PostPosted: Wed Sep 26, 2012 9:44 pm 
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And my reply from Facebook, b/c cross-posting is economical:

I like this. I might disagree with the premise of short-term thinking being a recent phenomenon--it's not like JFK didn't cheat on his wife, financial panics are a product of the 21st or even the 20th century, or various get rich quick schemes haven't long been around. However, less scarcity/more abundance/less risk (because of various safety nets, which prosperity allows for) gives ordinary people the freedom to think shorter term, more widespread wealth and credit allows their decisions to have a larger impact (peasants weren't suffocating in credit card and student loan debt), and the structures Altman describes in the article exacerbate these problems. But overall, I think Altman's spot-on.

I do think some cultural shifts have taken place encouraging people to think shorter term, but many of these are positive. Utilitarianism is a better basis for social morality than honor and glory: glory comes from victory, and victory often comes through violence--war between nations, for instance; some people may derive utility from violence, but on the whole, I think people would rather be safe from violence than free to do violence to others, even if they might take both freedoms if given the chance. But glory also requires sacrifice in pursuit of a larger goal, while utilitarian approaches have a tendency to underrate larger goals and thus take away some impetus for sacrifice.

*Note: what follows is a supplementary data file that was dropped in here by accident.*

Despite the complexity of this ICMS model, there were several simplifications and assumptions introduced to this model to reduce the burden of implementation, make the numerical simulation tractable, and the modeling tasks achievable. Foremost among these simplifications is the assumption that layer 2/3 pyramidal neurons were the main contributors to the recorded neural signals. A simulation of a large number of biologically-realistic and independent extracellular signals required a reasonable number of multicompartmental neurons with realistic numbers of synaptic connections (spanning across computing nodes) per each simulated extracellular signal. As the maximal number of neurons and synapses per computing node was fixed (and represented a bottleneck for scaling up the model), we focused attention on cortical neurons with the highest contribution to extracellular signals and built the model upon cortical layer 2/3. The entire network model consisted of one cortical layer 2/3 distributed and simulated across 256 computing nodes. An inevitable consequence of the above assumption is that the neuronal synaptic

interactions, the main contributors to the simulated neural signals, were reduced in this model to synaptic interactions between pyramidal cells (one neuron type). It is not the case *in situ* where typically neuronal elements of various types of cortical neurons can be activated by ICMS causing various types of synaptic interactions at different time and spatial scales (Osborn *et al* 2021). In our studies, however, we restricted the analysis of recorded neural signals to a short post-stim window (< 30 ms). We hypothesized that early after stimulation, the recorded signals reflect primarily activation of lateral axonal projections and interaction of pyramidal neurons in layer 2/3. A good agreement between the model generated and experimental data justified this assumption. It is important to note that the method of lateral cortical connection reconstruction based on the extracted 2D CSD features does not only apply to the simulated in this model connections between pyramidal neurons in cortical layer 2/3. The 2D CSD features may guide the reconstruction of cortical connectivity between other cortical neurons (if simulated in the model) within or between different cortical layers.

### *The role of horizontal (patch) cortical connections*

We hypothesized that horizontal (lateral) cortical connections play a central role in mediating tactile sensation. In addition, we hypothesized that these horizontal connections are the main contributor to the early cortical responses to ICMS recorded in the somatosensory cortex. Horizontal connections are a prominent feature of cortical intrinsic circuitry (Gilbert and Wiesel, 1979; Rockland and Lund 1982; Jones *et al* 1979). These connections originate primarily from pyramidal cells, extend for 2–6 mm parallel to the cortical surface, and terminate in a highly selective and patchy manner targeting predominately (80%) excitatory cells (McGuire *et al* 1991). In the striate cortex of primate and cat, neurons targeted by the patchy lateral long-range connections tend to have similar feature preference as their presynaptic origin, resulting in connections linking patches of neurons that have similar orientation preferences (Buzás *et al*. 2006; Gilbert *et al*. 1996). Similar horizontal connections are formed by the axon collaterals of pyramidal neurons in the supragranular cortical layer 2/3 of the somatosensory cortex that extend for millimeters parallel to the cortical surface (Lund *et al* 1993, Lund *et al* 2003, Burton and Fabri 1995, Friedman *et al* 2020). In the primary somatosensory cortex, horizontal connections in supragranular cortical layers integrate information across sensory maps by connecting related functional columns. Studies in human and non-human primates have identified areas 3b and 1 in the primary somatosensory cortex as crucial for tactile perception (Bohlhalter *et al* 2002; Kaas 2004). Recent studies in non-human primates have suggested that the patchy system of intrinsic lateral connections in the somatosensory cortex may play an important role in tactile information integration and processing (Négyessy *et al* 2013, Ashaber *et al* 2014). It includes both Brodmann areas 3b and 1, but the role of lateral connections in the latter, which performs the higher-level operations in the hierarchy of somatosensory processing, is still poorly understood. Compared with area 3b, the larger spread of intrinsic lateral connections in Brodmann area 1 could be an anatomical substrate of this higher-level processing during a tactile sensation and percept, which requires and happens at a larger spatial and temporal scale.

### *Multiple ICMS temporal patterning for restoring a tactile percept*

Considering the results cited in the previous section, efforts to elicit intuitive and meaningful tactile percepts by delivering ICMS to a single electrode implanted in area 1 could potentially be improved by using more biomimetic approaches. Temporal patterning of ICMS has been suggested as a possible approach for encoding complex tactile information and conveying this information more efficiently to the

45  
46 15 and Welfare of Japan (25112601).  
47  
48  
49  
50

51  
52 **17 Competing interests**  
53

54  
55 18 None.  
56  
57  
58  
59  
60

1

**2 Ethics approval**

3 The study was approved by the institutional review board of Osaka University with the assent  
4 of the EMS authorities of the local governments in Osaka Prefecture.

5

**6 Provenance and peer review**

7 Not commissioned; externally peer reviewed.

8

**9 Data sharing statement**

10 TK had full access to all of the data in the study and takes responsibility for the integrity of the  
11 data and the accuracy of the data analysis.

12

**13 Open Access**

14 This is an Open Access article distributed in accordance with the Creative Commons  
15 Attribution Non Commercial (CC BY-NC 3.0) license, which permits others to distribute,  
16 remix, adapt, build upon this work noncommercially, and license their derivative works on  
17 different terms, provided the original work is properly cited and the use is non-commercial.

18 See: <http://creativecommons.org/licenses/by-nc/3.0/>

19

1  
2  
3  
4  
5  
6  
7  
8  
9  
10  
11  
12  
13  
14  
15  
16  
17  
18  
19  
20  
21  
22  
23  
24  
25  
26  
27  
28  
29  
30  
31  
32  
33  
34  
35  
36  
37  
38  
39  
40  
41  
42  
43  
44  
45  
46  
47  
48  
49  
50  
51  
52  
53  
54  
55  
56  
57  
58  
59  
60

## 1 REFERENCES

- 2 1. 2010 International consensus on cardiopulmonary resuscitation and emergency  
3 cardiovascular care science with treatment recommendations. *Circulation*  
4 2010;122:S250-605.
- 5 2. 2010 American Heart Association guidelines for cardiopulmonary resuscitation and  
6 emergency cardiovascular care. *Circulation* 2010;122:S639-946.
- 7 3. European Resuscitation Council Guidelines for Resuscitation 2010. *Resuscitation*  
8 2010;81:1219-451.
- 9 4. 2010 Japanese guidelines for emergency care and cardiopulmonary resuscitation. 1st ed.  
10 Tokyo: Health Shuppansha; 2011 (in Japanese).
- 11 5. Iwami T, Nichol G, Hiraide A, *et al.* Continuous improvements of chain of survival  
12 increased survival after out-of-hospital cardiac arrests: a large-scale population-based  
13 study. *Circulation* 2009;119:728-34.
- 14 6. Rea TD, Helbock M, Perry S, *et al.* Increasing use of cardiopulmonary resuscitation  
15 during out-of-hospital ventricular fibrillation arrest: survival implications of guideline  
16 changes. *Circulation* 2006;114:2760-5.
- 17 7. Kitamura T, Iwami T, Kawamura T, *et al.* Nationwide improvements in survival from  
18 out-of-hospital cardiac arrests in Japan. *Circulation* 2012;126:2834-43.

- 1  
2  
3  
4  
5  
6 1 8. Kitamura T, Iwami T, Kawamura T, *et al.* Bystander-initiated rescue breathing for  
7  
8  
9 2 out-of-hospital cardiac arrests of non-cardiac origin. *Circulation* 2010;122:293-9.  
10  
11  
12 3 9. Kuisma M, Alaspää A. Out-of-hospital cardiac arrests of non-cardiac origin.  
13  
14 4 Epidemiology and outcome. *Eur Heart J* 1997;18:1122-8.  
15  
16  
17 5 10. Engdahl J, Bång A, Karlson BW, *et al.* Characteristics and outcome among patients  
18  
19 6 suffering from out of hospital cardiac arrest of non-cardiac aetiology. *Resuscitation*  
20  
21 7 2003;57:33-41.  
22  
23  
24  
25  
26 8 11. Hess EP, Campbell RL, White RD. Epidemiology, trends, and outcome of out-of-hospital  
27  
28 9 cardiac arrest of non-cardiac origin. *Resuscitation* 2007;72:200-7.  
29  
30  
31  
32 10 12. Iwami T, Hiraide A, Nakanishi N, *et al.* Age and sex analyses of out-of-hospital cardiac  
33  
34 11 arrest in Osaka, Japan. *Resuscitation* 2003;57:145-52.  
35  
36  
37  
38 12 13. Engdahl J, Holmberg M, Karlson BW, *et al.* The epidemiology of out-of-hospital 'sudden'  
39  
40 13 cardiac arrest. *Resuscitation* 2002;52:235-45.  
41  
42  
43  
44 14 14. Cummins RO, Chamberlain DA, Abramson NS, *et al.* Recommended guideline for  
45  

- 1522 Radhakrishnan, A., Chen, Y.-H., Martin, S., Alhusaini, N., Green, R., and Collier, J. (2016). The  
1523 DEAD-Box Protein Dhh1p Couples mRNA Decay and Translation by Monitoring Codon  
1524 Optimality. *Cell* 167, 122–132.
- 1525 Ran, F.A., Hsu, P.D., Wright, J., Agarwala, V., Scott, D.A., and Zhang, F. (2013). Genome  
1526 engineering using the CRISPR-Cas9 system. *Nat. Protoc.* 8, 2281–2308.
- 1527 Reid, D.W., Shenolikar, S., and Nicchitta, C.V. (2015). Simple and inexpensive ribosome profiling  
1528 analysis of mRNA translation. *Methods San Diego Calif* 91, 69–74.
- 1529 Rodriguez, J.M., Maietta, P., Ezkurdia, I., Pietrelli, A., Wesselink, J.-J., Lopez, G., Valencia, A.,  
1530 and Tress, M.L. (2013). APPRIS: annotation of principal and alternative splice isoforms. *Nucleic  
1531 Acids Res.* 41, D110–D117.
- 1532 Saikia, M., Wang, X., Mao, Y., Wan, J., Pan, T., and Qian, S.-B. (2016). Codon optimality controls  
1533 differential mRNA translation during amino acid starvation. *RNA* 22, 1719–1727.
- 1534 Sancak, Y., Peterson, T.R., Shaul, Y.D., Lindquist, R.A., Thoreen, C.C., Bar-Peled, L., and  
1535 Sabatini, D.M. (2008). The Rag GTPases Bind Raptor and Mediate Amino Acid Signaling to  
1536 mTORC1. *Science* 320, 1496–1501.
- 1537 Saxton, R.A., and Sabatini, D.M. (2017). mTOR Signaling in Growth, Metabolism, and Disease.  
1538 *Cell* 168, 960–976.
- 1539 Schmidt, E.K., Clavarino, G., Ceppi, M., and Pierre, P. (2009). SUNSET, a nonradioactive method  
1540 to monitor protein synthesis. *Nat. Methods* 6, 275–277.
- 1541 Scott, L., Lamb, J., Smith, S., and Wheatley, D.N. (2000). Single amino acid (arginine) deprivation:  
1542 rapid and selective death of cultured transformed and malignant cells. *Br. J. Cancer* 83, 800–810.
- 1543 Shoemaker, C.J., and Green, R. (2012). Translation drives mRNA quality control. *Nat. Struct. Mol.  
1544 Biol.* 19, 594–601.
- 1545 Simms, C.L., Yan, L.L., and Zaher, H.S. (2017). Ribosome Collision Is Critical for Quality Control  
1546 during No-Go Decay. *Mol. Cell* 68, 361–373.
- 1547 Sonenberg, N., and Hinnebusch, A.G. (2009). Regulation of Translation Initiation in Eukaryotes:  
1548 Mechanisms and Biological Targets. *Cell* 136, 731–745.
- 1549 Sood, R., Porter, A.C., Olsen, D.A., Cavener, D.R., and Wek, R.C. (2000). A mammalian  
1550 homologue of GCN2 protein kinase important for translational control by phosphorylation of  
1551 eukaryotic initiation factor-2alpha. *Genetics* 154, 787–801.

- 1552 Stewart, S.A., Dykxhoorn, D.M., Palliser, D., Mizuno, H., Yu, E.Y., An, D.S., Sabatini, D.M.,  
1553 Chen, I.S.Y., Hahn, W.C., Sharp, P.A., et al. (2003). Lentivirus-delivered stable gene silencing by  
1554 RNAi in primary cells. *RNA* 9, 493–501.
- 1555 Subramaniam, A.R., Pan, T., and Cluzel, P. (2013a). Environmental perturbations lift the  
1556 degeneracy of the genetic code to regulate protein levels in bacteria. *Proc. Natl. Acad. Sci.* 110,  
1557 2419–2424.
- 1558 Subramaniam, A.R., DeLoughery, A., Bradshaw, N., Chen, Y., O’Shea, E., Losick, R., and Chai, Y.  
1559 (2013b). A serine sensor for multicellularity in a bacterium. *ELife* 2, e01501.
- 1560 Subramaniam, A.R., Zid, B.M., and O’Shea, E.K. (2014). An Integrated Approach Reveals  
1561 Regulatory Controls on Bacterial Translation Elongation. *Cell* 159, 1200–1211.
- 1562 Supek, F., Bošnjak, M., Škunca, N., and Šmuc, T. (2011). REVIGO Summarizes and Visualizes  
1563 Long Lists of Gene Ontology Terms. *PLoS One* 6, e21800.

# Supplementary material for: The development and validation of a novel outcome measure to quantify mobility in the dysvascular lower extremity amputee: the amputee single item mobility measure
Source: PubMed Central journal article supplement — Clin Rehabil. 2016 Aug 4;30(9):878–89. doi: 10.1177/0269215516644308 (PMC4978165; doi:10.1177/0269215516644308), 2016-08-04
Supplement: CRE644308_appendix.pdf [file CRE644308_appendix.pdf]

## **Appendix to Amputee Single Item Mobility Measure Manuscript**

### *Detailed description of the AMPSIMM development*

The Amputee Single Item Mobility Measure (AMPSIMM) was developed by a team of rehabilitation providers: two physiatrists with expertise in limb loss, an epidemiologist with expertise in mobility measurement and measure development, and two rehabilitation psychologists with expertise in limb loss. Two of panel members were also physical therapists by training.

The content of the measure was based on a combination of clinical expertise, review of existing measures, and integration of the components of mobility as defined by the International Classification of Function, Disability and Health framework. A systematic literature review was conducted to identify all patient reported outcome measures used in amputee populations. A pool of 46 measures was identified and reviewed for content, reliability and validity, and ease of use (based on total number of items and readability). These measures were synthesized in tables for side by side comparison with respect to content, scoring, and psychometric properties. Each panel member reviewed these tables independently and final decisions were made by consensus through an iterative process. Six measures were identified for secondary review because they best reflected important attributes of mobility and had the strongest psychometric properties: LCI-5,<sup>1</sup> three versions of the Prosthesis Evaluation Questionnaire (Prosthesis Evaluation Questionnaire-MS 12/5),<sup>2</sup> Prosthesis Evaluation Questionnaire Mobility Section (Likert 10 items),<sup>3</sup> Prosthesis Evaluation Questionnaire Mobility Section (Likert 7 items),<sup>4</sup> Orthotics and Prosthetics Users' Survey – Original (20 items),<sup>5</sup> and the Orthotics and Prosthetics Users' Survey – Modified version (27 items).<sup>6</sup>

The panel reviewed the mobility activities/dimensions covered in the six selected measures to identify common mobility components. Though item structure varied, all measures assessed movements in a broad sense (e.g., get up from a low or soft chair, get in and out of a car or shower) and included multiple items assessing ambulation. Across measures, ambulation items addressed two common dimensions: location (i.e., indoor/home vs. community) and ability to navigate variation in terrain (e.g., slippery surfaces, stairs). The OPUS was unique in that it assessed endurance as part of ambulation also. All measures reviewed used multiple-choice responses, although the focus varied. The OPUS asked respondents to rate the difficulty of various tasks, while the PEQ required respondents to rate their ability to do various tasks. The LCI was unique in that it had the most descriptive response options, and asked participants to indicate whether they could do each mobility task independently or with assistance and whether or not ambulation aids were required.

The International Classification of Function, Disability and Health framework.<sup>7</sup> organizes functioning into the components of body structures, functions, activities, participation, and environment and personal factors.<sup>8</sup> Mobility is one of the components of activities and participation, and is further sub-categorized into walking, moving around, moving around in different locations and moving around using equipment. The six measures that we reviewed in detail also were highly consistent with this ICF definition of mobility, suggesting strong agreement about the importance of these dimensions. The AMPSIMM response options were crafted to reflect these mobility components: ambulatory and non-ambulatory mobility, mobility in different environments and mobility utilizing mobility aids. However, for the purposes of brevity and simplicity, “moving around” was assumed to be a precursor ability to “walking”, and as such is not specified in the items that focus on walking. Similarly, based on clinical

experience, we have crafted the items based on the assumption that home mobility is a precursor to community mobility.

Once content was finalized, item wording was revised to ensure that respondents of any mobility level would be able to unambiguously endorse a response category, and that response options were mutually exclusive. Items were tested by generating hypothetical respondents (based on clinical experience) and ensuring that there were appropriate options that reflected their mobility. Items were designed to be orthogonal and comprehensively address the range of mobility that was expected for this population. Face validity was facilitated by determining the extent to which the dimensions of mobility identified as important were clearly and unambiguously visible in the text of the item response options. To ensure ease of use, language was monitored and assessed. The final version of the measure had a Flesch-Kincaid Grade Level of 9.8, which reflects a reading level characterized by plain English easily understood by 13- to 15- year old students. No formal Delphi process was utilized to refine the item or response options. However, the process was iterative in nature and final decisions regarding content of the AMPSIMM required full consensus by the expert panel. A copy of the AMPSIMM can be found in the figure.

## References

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 Post subject: Re: Apparently people care...the ongoing saga of the US Economy!
PostPosted: Thu Sep 27, 2012 12:35 am 
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dkfan9 wrote:
(snip)
I do think some cultural shifts have taken place
(snip)


So, I thought that article was good but a little underdeveloped. Where do you think religion falls in this? The ultimate behavioral control device, the thought of eternal damnation, has been pretty much killed over the last one hundred years by science and technology. I can't help but think part of the reason we drive our selves to over-consume, to ignore everything from the federal debt to the changing climate, is because we know there is nothing for us beyond our own lifespan and no punishment for our excesses, so why worry?

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 Post subject: Re: Apparently people care...the ongoing saga of the US Economy!
PostPosted: Thu Sep 27, 2012 2:56 am 
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broken iris wrote:
dkfan9 wrote:
(snip)
I do think some cultural shifts have taken place
(snip)


So, I thought that article was good but a little underdeveloped. Where do you think religion falls in this? The ultimate behavioral control device, the thought of eternal damnation, has been pretty much killed over the last one hundred years by science and technology. I can't help but think part of the reason we drive our selves to over-consume, to ignore everything from the federal debt to the changing climate, is because we know there is nothing for us beyond our own lifespan and no punishment for our excesses, so why worry?